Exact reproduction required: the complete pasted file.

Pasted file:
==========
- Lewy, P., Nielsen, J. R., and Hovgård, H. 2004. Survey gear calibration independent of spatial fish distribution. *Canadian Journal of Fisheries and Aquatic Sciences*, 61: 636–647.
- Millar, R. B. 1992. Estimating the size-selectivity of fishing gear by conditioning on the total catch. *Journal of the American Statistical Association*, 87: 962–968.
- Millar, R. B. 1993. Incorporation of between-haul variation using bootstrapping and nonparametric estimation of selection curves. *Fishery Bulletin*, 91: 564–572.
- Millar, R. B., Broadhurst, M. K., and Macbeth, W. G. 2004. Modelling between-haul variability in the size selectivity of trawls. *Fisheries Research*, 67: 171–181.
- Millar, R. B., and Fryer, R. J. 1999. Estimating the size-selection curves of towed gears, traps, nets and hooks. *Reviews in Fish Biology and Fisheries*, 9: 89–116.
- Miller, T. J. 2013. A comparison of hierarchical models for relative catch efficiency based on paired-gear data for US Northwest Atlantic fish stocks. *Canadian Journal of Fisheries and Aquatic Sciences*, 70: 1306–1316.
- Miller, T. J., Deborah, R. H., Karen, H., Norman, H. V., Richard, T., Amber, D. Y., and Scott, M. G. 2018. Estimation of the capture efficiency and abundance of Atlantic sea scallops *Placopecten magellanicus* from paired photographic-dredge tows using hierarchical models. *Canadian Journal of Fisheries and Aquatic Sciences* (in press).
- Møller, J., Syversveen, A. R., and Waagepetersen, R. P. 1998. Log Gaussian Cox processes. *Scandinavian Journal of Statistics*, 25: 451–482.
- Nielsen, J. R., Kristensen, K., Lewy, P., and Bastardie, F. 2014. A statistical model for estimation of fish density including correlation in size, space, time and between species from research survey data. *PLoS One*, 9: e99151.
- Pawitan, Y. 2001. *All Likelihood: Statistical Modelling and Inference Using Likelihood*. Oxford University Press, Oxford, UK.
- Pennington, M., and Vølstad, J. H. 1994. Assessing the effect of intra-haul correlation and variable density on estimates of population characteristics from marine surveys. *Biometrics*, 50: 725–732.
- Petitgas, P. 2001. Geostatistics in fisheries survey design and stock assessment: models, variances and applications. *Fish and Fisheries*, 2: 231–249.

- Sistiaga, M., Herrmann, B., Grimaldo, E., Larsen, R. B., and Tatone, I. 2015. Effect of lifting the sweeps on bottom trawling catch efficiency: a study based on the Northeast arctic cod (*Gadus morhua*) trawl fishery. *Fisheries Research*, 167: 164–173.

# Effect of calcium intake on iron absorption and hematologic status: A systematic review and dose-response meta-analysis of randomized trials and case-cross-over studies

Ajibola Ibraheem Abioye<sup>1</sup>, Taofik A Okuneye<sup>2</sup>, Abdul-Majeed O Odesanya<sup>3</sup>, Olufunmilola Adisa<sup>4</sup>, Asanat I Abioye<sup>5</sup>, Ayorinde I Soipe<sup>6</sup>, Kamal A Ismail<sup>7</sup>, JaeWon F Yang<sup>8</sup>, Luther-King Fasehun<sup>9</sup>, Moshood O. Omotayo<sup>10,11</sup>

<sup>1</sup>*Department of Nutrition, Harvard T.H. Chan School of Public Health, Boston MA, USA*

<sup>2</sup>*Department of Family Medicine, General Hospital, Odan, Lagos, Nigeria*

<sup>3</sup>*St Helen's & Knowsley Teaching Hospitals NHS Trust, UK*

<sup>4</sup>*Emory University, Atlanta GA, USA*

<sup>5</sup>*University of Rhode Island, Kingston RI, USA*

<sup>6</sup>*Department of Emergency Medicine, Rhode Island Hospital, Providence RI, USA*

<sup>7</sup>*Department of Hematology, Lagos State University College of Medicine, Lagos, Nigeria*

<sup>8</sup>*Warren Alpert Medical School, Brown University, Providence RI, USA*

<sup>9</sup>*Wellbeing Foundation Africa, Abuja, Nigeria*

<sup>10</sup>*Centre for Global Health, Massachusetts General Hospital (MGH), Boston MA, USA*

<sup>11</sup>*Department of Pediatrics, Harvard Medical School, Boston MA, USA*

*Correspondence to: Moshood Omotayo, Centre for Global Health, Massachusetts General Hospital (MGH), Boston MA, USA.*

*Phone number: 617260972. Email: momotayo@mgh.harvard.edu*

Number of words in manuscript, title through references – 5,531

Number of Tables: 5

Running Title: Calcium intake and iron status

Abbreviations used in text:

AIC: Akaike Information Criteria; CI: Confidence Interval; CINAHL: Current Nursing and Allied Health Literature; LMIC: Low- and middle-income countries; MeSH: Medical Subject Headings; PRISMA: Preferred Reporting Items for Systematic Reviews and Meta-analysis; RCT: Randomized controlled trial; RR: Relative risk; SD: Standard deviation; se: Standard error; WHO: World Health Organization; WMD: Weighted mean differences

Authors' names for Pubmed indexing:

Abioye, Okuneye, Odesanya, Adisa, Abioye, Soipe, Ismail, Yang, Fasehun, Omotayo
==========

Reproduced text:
- Lewy, P., Nielsen, J. R., and Hovgård, H. 2004. Survey gear calibration independent of spatial fish distribution. *Canadian Journal of Fisheries and Aquatic Sciences*, 61: 636–647.
- Millar, R. B. 1992. Estimating the size-selectivity of fishing gear by conditioning on the total catch. *Journal of the American Statistical Association*, 87: 962–968.
- Millar, R. B. 1993. Incorporation of between-haul variation using bootstrapping and nonparametric estimation of selection curves. *Fishery Bulletin*, 91: 564–572.
- Millar, R. B., Broadhurst, M. K., and Macbeth, W. G. 2004. Modelling between-haul variability in the size selectivity of trawls. *Fisheries Research*, 67: 171–181.
- Millar, R. B., and Fryer, R. J. 1999. Estimating the size-selection curves of towed gears, traps, nets and hooks. *Reviews in Fish Biology and Fisheries*, 9: 89–116.
- Miller, T. J. 2013. A comparison of hierarchical models for relative catch efficiency based on paired-gear data for US Northwest Atlantic fish stocks. *Canadian Journal of Fisheries and Aquatic Sciences*, 70: 1306–1316.
- Miller, T. J., Deborah, R. H., Karen, H., Norman, H. V., Richard, T., Amber, D. Y., and Scott, M. G. 2018. Estimation of the capture efficiency and abundance of Atlantic sea scallops *Placopecten magellanicus* from paired photographic-dredge tows using hierarchical models. *Canadian Journal of Fisheries and Aquatic Sciences* (in press).
- Møller, J., Syversveen, A. R., and Waagepetersen, R. P. 1998. Log Gaussian Cox processes. *Scandinavian Journal of Statistics*, 25: 451–482.
- Nielsen, J. R., Kristensen, K., Lewy, P., and Bastardie, F. 2014. A statistical model for estimation of fish density including correlation in size, space, time and between species from research survey data. *PLoS One*, 9: e99151.
- Pawitan, Y. 2001. *All Likelihood: Statistical Modelling and Inference Using Likelihood*. Oxford University Press, Oxford, UK.
- Pennington, M., and Vølstad, J. H. 1994. Assessing the effect of intra-haul correlation and variable density on estimates of population characteristics from marine surveys. *Biometrics*, 50: 725–732.
- Petitgas, P. 2001. Geostatistics in fisheries survey design and stock assessment: models, variances and applications. *Fish and Fisheries*, 2: 231–249.

- Sistiaga, M., Herrmann, B., Grimaldo, E., Larsen, R. B., and Tatone, I. 2015. Effect of lifting the sweeps on bottom trawling catch efficiency: a study based on the Northeast arctic cod (*Gadus morhua*) trawl fishery. *Fisheries Research*, 167: 164–173.

# Effect of calcium intake on iron absorption and hematologic status: A systematic review and dose-response meta-analysis of randomized trials and case-cross-over studies

Ajibola Ibraheem Abioye<sup>1</sup>, Taofik A Okuneye<sup>2</sup>, Abdul-Majeed O Odesanya<sup>3</sup>, Olufunmilola Adisa<sup>4</sup>, Asanat I Abioye<sup>5</sup>, Ayorinde I Soipe<sup>6</sup>, Kamal A Ismail<sup>7</sup>, JaeWon F Yang<sup>8</sup>, Luther-King Fasehun<sup>9</sup>, Moshood O. Omotayo<sup>10,11</sup>

<sup>1</sup>*Department of Nutrition, Harvard T.H. Chan School of Public Health, Boston MA, USA*

<sup>2</sup>*Department of Family Medicine, General Hospital, Odan, Lagos, Nigeria*

<sup>3</sup>*St Helen's & Knowsley Teaching Hospitals NHS Trust, UK*

<sup>4</sup>*Emory University, Atlanta GA, USA*

<sup>5</sup>*University of Rhode Island, Kingston RI, USA*

<sup>6</sup>*Department of Emergency Medicine, Rhode Island Hospital, Providence RI, USA*

<sup>7</sup>*Department of Hematology, Lagos State University College of Medicine, Lagos, Nigeria*

<sup>8</sup>*Warren Alpert Medical School, Brown University, Providence RI, USA*

<sup>9</sup>*Wellbeing Foundation Africa, Abuja, Nigeria*

<sup>10</sup>*Centre for Global Health, Massachusetts General Hospital (MGH), Boston MA, USA*

<sup>11</sup>*Department of Pediatrics, Harvard Medical School, Boston MA, USA*

*Correspondence to: Moshood Omotayo, Centre for Global Health, Massachusetts General Hospital (MGH), Boston MA, USA.*

*Phone number: 617260972. Email: momotayo@mgh.harvard.edu*

Number of words in manuscript, title through references – 5,531

Number of Tables: 5

Running Title: Calcium intake and iron status

Abbreviations used in text:

AIC: Akaike Information Criteria; CI: Confidence Interval; CINAHL: Current Nursing and Allied Health Literature; LMIC: Low- and middle-income countries; MeSH: Medical Subject Headings; PRISMA: Preferred Reporting Items for Systematic Reviews and Meta-analysis; RCT: Randomized controlled trial; RR: Relative risk; SD: Standard deviation; se: Standard error; WHO: World Health Organization; WMD: Weighted mean differences

Authors' names for Pubmed indexing:

Abioye, Okuneye, Odesanya, Adisa, Abioye, Soipe, Ismail, Yang, Fasehun, Omotayo